“Selma” A Jewish Take

This week I had the privilege of viewing an early showing of
Selma
, a movie about the historical events that took place in Alabama during the summer of 1965. The bombing of the 16th St. Church, in which 4 young girls were killed in 1963 and the passing of the Civil Rights Act of 1964 were not far from the public consciousness then. And the battle between hate and rights that unfolded that summer in Selma changed the course of American history in profound and essential ways.

There are those who will and have already begun to quibble with the historicity of “Selma” but as a white rabbi who trained as a historian and has devoted the last five years to civil right in the Jewish community through my work at Be’chol Lashon, it is my hope that ALL Americans, no matter race or religion go to see the film.

Telling the story of a movement set in the context of 200 years of history, in 127 minutes means that inevitably some of the lines between history and myth will be blurred. But do not underestimate the power in the cinemagraphic telling of history. Color returns dimensionality to images that we know only in shades of black and white. Camera angles bring out the intimacies and tensions that go into the small moments that make up epic events. In the rabbinic tradition we call filling in of the official narrative, midrash, or interpretation. And midrash is one of most powerful tools we have to teach us about the past, remind us of our values and focus our actions for the future.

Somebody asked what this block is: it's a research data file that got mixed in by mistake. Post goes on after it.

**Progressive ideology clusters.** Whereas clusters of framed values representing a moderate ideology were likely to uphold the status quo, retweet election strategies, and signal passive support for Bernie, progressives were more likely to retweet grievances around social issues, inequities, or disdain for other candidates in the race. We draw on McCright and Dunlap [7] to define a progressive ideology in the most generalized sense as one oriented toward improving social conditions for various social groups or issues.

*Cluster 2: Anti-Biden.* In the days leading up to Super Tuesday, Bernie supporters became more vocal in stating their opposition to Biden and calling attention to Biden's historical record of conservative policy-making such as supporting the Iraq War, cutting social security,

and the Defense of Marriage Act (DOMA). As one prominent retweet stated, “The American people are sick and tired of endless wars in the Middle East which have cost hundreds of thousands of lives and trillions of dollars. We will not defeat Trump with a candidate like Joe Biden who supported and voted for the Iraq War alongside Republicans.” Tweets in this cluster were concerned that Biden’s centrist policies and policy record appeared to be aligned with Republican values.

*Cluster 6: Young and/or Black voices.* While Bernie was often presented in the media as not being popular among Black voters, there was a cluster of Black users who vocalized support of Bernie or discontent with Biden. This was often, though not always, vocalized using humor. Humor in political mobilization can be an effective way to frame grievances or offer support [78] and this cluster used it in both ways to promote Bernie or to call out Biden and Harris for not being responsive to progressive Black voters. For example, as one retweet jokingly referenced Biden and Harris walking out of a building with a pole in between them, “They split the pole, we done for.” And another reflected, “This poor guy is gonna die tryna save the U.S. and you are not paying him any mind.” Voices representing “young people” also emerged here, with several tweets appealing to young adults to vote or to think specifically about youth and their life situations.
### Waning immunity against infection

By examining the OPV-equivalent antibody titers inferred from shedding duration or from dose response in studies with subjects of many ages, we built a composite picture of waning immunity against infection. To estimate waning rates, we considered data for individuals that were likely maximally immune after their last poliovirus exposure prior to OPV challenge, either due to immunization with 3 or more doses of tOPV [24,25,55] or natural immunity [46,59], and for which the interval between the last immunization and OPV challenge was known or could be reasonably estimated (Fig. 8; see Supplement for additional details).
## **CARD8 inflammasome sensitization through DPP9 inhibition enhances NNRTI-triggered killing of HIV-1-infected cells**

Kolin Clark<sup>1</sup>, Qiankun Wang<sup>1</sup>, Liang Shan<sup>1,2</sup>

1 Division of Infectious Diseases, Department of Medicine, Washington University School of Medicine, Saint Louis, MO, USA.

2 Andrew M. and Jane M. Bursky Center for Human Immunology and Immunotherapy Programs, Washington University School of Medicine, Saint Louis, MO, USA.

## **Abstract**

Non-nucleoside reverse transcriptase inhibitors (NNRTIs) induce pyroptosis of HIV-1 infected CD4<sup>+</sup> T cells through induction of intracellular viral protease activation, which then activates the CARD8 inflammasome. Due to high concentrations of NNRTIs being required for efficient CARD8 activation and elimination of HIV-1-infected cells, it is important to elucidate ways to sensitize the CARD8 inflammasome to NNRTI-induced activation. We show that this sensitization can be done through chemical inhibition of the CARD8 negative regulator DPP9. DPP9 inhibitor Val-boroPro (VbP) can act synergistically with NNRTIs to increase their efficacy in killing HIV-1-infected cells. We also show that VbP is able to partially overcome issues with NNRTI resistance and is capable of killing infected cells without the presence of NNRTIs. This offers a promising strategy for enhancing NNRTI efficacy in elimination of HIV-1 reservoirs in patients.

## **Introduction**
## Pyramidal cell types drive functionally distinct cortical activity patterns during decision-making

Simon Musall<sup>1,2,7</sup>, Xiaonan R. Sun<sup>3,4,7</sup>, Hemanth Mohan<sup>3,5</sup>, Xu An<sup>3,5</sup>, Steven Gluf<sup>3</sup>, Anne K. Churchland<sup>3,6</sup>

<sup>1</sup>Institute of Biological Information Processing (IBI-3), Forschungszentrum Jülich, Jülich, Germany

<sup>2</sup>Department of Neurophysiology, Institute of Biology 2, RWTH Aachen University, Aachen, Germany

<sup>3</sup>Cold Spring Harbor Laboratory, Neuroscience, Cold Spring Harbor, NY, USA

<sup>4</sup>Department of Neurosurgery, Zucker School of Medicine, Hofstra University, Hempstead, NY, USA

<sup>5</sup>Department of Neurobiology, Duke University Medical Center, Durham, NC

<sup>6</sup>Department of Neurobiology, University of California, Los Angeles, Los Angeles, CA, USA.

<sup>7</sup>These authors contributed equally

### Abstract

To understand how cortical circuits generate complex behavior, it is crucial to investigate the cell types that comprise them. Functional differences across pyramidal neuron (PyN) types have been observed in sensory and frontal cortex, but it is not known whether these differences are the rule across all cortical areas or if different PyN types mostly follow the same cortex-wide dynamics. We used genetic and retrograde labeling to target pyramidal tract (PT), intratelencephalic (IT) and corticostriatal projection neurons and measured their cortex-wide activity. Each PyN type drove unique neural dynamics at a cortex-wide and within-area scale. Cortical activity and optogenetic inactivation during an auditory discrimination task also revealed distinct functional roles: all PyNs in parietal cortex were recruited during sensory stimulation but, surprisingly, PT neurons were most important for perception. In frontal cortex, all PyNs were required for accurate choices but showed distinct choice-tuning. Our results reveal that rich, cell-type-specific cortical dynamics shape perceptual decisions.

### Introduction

Copyright limitations, for example, mean that the words spoken by the fictional Dr. Martin Luther King Jr. are not direct quotations. Nonetheless, the power with which David Oyelowo delivers his portrayal of Dr. King provide us not only with the inspirational Moses figure to whom a monument stands in Washington DC but also the flesh and blood man who struggled with frailty and doubt even as he rose to the challenges of leadership. These nuances encourage us to reach beyond our failing and to see the possibilities of action.

Posted on January 8, 2015

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